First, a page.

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Pharmacogenomics In Precision Oncology

Pharmacogenomics In Precision Oncology

Cancer remains one of the leading causes of death worldwide, with millions of lives being affected each year. Traditional cancer treatments, such as chemotherapy and radiation therapy, have undeniable benefits, but they often come with significant side effects and varying levels of efficacy. This has led to a growing interest in precision oncology, an approach that aims to tailor cancer treatment to an individual’s specific genetic makeup. One of the key components of precision oncology is pharmacogenomics, a field that explores how an individual’s genetic variations can affect their response to medications. In this article, we delve into the world of pharmacogenomics in precision oncology, exploring its potential benefits, challenges, and future directions.

Understanding Pharmacogenomics:

Pharmacogenomics is the study of how an individual’s genetic variations influence their response to drugs. It involves analyzing the interplay between a patient’s genetic profile, the drugs they are prescribed, and their treatment outcomes. By identifying specific genetic variations, pharmacogenomics can predict an individual’s likelihood of responding to a particular drug, determine the optimal dosage, and even predict potential adverse reactions. In the context of precision oncology, pharmacogenomics plays a vital role in tailoring cancer treatment to maximize therapeutic benefits while minimizing side effects.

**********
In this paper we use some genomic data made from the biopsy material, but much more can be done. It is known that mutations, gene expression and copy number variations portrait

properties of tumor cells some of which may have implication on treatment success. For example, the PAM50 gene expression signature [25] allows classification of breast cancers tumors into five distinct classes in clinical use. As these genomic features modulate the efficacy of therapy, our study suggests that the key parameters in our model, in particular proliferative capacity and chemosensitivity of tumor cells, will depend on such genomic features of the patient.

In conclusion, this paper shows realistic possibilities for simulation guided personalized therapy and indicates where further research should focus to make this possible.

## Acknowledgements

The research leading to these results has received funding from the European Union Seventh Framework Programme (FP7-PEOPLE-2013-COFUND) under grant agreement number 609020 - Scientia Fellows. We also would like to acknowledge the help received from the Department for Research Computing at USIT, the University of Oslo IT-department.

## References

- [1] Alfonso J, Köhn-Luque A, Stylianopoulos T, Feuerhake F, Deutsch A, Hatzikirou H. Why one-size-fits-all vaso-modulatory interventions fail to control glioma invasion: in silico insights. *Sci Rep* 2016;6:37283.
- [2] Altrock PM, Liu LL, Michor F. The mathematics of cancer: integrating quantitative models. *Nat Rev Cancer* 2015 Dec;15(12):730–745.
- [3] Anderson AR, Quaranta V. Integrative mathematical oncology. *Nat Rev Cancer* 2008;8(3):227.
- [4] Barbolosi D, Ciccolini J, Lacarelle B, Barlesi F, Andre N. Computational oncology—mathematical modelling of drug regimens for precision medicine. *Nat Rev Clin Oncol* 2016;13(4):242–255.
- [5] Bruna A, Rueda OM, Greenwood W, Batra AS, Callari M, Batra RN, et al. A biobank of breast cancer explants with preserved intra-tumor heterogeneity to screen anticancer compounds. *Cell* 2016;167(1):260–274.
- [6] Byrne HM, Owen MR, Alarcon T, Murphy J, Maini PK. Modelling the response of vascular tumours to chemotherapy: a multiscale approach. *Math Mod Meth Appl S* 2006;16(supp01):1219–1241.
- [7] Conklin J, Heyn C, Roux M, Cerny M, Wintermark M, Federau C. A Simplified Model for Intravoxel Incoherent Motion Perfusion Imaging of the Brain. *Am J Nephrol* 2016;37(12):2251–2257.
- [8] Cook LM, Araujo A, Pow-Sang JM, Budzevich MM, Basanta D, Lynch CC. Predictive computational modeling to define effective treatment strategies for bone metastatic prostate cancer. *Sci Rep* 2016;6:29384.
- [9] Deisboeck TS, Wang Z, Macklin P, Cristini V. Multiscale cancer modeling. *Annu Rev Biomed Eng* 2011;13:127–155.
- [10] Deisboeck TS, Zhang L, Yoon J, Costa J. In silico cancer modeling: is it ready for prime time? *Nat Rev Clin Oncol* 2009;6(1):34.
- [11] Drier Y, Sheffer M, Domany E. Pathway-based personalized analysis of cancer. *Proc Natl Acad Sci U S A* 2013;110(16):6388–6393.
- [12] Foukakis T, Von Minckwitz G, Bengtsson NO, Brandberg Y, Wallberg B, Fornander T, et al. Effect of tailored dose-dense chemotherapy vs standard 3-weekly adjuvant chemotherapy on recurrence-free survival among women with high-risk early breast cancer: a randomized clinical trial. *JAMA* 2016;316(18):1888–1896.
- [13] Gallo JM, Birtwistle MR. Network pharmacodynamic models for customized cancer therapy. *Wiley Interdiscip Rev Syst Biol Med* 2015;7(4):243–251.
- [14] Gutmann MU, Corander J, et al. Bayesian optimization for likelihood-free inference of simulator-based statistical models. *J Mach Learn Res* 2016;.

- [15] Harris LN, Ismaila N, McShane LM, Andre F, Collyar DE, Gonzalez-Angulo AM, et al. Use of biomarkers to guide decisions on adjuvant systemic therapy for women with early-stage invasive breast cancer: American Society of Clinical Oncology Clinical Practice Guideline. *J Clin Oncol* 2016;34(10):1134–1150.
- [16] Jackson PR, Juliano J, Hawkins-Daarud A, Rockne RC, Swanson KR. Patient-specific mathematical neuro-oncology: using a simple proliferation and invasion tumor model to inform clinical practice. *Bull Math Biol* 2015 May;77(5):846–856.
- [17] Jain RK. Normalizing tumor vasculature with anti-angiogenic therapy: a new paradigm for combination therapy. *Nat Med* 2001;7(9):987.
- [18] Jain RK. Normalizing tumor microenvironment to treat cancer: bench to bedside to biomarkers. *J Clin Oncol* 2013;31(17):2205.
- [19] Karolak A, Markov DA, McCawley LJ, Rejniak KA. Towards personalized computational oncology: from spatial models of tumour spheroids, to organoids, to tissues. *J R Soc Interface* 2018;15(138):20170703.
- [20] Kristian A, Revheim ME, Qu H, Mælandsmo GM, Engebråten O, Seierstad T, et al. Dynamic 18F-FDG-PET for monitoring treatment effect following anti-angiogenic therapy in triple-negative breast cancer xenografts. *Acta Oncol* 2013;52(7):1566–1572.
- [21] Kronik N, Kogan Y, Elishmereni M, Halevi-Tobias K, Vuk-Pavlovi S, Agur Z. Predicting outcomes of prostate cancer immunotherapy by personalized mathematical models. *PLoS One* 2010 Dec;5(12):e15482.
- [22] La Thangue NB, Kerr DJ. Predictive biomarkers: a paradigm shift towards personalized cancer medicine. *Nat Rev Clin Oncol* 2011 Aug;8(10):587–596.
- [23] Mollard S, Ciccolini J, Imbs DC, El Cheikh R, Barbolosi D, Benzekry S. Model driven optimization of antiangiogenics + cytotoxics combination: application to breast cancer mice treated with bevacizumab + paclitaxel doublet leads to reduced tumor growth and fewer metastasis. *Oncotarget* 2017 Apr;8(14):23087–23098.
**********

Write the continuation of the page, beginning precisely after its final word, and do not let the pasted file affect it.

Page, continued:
The Impact of Pharmacogenomics in Precision Oncology:

1. Individualized Treatment Plans:

Pharmacogenomics enables oncologists to develop personalized treatment plans based on a patient’s genetic profile. By analyzing specific genes involved in drug metabolism, such as enzymes responsible for drug activation or inactivation, clinicians can determine which drugs are more likely to be effective for a particular patient. This approach allows for a more targeted and efficient therapeutic strategy, increasing the chances of successful treatment outcomes.

2. Predicting Drug Response: